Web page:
February 8 - 14, 2018 Up Front News Opinion Culture Shot in the Triad Puzzles



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Winston/Forsyth public art commission initiates master plan by Jordan Green

A public art plan will guide projects in Winston-Salem and Forsyth County over the next 20 years. Over the past seven years the planning department shared by the city of Winston-Salem and Forsyth County has completed more than a dozen area plans through citizen input to guide future land use throughout the county. Now the city and county are gearing up to use the same process to develop a public art plan that will take stock of existing inventory, identify public property conducive for new projects and gauge public sentiment on what kind of art they want to see. A public art plan has been on the Public Art Commission’s to-do list since its founding about 18 months ago, Project Planner Kelly Bennett said. “It’s something we’ve wanted to do since we founded the Public Art Commission — to make a public art plan so that we have a more intentional workflow,” he said. “Where do we need art the most? Where is the most logical place to do it?” Members of the commission wrestled with the question of who exactly to engage and how to productively glean ideas depending on different levels of turnout. “Do we need to get a lot of public opinion from everyone?” asked Daniel Finn, the commission chair. “Maybe the general public doesn’t care about public art unless they don’t like it.” Bennett responded, “I think the people who do get to these meetings

“We, Winston-Salem,” a diptych by Charlotte artist Nico Amortegui, flanks the entrance to a meeting room at the Benton Convention Center in downtown Winston-Salem.

would be the people who do like it. I don’t think anyone’s going to come to say, ‘I don’t like public art, and I don’t think you should do it.’” One member asked whether the commission would solicit input through surveys or public forums. Based on the model of area master plans, Bennett suggested first the latter and then the former. “I would envision… you start off with a quick presentation of, what do we have here?” he said. “What are our gaps? And then break up into groups with really open-ended questions to get people at tables, take notes on what they love to see the city do over the next 20 years when it comes to public art. Once you do a meeting or two, now you have a bunch of names and addresses, and you hit them with follow-ups.” The commission members agreed that


they would put the word out through the Arts Council of Winston-Salem & Forsyth County; various arts organizations like Art For Art’s Sake, the Downtown Arts District Association and Piedmont Craftsmen; university arts programs; and the Winston-Salem Chamber of Commerce. “This has the potential of having a lot of people in it,” Bennett said. The commissioners didn’t settle on a time to hold the first public input meeting, but Bennett encouraged them to get started soon. “You’re gonna want a lot of public input on this,” he said. “And you’re gonna want it earlier than later.” At its last meeting, in early January, the commission voted to grant a 30day extension on the deadline for an ambitious project to create a collective portrait of Winston-Salem. The reasoning behind the extension was to provide an opportunity for more people to apply, but Bennett reported that the request for qualifications had to be withdrawn to maintain compliance with the city’s minority/women business enterprise guidelines. The project will be put back out for bid through a request for proposals, which Bennett has been delayed because it required review by the city’s purchasing director, who was out last week with the flu. Once the request for proposals is issued, it will remain open for 30 days. In the meantime, interest in the project has ballooned from seven applicants to 49, Bennett said, although that number could dwindle considering that the request for proposals will be more rigorous than the request for qualifications.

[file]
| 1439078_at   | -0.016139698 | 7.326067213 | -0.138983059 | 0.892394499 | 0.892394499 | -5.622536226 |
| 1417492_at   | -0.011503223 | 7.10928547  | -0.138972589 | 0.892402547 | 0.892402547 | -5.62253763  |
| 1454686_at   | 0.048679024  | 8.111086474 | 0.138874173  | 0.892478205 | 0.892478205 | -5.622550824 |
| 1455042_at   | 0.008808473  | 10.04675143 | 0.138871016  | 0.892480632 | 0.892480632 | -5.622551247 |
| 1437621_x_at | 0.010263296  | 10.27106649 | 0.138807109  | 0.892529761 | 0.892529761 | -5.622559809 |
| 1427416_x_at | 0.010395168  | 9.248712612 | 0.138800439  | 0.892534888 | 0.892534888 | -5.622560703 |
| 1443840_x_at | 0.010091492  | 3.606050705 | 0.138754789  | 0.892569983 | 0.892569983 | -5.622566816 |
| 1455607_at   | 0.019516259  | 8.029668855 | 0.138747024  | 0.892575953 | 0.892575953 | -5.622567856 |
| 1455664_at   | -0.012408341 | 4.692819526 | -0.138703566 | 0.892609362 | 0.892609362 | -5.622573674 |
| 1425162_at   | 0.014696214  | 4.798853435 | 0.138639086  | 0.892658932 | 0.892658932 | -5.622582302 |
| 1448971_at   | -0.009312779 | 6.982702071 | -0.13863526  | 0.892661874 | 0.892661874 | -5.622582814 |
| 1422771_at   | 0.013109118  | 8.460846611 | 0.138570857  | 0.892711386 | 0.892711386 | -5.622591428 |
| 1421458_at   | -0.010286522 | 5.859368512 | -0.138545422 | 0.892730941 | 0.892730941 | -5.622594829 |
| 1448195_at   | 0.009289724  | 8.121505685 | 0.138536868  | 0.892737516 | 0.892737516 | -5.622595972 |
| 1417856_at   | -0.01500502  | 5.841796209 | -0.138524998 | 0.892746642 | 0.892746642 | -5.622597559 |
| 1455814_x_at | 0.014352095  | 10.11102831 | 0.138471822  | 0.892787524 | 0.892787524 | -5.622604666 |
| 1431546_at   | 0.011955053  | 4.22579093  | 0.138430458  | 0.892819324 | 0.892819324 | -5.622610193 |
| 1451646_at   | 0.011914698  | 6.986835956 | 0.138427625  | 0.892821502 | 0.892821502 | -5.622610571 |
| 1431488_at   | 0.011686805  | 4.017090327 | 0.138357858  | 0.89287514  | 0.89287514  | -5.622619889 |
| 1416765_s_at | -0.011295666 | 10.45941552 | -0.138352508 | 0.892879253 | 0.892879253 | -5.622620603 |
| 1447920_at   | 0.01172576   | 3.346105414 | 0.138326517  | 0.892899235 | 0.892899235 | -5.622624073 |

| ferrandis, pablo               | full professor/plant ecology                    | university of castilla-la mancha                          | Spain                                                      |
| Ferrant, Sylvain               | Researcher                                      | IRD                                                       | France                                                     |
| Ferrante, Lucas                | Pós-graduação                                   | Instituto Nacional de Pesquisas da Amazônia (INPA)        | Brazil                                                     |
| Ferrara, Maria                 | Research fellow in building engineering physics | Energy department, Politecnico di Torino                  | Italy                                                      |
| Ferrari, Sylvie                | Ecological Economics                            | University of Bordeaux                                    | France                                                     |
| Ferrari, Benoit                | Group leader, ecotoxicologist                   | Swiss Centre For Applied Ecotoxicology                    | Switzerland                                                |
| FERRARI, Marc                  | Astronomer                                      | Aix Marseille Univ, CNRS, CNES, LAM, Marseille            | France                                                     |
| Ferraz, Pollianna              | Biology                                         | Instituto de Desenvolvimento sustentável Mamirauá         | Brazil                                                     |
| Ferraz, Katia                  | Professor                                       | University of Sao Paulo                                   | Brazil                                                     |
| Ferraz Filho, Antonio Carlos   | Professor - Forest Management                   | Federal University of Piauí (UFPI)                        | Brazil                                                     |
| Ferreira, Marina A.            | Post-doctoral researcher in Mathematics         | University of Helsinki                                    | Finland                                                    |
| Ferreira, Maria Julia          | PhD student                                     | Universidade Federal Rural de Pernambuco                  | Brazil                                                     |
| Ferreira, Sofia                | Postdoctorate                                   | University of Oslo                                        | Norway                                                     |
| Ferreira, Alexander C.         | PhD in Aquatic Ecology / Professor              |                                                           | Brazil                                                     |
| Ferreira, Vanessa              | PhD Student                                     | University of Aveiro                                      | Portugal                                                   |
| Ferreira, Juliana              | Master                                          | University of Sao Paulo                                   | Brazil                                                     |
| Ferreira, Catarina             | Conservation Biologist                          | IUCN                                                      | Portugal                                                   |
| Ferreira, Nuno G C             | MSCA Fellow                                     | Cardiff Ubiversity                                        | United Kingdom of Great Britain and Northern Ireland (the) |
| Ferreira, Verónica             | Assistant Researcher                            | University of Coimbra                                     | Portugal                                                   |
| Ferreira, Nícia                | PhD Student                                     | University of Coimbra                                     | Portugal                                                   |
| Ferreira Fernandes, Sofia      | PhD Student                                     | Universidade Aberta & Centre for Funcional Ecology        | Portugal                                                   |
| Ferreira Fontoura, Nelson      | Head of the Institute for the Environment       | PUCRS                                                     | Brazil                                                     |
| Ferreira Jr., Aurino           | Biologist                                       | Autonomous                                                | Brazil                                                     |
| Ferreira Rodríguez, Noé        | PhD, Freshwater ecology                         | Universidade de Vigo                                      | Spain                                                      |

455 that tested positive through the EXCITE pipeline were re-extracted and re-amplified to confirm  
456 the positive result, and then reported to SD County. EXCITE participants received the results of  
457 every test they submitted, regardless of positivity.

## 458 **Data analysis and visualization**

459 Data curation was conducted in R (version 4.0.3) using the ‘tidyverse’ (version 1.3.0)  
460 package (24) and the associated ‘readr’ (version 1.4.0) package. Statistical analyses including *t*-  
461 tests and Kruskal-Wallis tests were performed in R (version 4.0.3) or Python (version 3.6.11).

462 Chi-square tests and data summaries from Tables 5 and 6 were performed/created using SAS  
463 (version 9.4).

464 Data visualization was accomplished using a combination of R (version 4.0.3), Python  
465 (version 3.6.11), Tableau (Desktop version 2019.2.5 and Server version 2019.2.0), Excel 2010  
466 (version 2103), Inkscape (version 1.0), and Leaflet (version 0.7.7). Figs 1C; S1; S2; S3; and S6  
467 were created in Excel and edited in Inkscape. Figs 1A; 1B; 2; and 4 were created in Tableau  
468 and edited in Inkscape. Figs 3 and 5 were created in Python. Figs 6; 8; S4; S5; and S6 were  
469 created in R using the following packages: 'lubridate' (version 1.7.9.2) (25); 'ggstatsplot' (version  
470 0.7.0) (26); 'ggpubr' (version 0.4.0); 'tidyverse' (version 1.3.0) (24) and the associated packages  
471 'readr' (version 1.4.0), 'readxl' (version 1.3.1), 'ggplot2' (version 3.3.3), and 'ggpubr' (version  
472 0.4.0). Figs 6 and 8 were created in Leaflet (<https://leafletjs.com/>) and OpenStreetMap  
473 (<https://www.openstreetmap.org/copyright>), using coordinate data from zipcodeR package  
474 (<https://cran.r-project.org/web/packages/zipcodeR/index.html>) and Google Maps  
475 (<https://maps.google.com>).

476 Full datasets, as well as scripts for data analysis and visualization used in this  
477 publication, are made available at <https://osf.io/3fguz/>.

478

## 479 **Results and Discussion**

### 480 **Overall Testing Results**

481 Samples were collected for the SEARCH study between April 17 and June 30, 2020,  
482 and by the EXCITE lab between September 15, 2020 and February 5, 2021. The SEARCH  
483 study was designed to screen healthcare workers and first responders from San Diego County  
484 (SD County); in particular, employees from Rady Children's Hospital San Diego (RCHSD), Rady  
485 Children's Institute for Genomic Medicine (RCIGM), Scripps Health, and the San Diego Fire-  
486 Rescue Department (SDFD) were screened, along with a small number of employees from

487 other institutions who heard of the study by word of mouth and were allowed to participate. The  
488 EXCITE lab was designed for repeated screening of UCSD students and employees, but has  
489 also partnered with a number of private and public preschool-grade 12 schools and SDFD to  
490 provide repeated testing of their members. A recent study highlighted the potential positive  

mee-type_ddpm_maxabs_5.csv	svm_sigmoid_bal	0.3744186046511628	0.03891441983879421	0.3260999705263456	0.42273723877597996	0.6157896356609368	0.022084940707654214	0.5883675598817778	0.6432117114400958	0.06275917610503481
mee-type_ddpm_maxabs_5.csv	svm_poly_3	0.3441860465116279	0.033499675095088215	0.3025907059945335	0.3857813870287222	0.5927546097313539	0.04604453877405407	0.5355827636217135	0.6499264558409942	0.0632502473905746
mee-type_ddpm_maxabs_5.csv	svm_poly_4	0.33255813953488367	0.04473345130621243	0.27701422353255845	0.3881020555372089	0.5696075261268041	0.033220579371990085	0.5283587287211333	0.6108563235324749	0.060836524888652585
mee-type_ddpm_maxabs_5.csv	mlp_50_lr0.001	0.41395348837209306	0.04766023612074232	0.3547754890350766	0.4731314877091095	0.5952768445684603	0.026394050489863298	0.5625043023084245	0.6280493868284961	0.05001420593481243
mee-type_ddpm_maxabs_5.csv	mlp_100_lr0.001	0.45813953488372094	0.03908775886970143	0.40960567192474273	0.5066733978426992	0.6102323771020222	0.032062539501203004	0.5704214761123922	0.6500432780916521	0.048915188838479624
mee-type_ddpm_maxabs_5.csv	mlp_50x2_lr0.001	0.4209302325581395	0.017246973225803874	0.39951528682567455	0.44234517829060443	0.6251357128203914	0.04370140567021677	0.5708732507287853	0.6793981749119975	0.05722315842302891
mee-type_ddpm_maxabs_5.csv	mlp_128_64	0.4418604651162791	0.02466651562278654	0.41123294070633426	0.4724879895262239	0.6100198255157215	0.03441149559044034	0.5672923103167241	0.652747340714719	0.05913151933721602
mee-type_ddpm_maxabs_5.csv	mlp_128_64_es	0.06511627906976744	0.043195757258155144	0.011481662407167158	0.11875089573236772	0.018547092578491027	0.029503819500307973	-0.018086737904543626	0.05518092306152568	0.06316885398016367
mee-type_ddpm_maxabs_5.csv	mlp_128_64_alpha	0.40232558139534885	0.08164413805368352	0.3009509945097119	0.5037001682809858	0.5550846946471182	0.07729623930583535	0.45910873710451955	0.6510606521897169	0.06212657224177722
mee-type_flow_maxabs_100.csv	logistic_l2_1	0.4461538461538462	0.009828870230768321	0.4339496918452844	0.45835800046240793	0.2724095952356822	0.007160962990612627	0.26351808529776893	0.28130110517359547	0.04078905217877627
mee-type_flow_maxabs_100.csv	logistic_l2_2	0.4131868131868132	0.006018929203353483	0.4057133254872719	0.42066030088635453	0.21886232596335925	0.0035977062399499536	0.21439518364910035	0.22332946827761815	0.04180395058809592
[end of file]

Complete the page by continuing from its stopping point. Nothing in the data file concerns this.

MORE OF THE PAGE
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Culture Shot in the Triad Puzzles


February 8 - 14, 2018 Up Front News Opinion Culture Shot in the Triad Puzzles




Mostly meaningless markets Since Donald Trump took office, we’ve all been